If you are lucky enough to have plants in a cold frame, remember to vent it on sunny days. We had temperatures in the low 20s a week ago and 60s four days later. Sun will fry plants under glass unless you allow a cool breeze to get through.

Keep saving your eggshells to add to planting holes of tomato plants or use as slug repellent. Rinse the shells clean with cold water and store in a resealable plastic bag. I put mine in the bag, squeeze out the air, seal it, then crush the shells into fine pieces. The bag stays in the freezer until planting time or the first sign of slugs. You can also add the shells (rinsed) into your compost.

I had stopped adding kitchen scraps to the compost since a bear opened our bin in early March. (We still saved our scraps and took them to a local composting site.) When I stopped adding to the pile, I also stopped stirring the pile. On a recent nice day, I decided to give the compost a swirl. Out jumped two critters in opposite directions! Upon stirring the bin contents, I uncovered piles of nesting material, and I noticed a few enlarged air holes in my sturdy bin. Mice! (Not rats! Thankfully!) Lesson re-learned: Whether you add material to your compost or not, keep turning it! Rodents won’t move in if you make their lives unpleasant and keep destroying their nests.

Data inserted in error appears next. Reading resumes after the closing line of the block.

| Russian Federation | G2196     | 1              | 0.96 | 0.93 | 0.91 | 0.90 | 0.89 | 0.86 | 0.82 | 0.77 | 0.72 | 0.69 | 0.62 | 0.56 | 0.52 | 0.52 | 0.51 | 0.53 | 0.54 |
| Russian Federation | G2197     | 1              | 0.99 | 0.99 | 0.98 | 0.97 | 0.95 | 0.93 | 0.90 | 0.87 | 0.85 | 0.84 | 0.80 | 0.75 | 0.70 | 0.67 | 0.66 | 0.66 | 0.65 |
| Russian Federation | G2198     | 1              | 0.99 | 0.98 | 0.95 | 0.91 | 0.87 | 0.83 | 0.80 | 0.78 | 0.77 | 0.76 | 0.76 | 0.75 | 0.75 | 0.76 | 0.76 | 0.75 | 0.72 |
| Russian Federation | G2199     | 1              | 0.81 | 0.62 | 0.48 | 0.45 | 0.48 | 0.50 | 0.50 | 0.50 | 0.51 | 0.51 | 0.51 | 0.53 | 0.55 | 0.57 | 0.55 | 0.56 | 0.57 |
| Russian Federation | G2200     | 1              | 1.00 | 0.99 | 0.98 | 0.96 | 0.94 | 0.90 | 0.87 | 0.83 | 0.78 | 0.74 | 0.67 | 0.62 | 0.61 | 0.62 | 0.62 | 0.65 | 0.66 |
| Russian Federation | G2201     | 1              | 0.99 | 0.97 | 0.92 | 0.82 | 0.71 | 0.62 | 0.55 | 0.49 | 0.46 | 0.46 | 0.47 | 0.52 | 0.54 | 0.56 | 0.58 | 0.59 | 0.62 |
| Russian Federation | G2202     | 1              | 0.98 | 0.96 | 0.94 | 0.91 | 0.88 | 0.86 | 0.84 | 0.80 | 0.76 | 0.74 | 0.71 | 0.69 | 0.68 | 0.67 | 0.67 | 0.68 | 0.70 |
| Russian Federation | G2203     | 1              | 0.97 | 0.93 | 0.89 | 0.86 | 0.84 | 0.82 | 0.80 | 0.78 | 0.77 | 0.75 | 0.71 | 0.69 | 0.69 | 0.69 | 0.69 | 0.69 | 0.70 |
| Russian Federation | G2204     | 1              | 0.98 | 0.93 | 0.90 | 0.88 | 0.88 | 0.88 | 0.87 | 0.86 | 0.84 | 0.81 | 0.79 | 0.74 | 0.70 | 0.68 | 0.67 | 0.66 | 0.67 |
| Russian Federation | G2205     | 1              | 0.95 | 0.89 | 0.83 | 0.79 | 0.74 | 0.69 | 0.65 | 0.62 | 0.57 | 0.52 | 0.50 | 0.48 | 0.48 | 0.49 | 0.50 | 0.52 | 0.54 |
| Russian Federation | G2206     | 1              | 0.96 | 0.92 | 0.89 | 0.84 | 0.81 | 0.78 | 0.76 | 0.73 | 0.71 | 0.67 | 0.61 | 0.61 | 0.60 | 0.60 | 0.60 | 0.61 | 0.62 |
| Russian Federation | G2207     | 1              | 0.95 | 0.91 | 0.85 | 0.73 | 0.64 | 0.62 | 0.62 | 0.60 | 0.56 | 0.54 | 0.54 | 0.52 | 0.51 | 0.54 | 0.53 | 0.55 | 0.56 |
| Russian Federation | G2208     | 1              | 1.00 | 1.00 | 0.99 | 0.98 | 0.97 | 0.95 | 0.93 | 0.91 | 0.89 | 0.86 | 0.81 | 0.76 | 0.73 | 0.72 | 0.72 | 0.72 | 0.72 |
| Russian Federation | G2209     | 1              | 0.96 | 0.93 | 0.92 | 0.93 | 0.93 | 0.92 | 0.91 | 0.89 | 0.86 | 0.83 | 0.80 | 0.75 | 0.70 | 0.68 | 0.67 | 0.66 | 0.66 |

A last note as days get warm: Protect yourself from ticks any time you venture out into your garden or woods. Use sprays on your clothing that contain DEET. That said, all arthropods, insects, beetles, and worms are not pests. We may be bothered by seeing the first mosquito or gnat in spring, but many other creatures depend on these insects for food.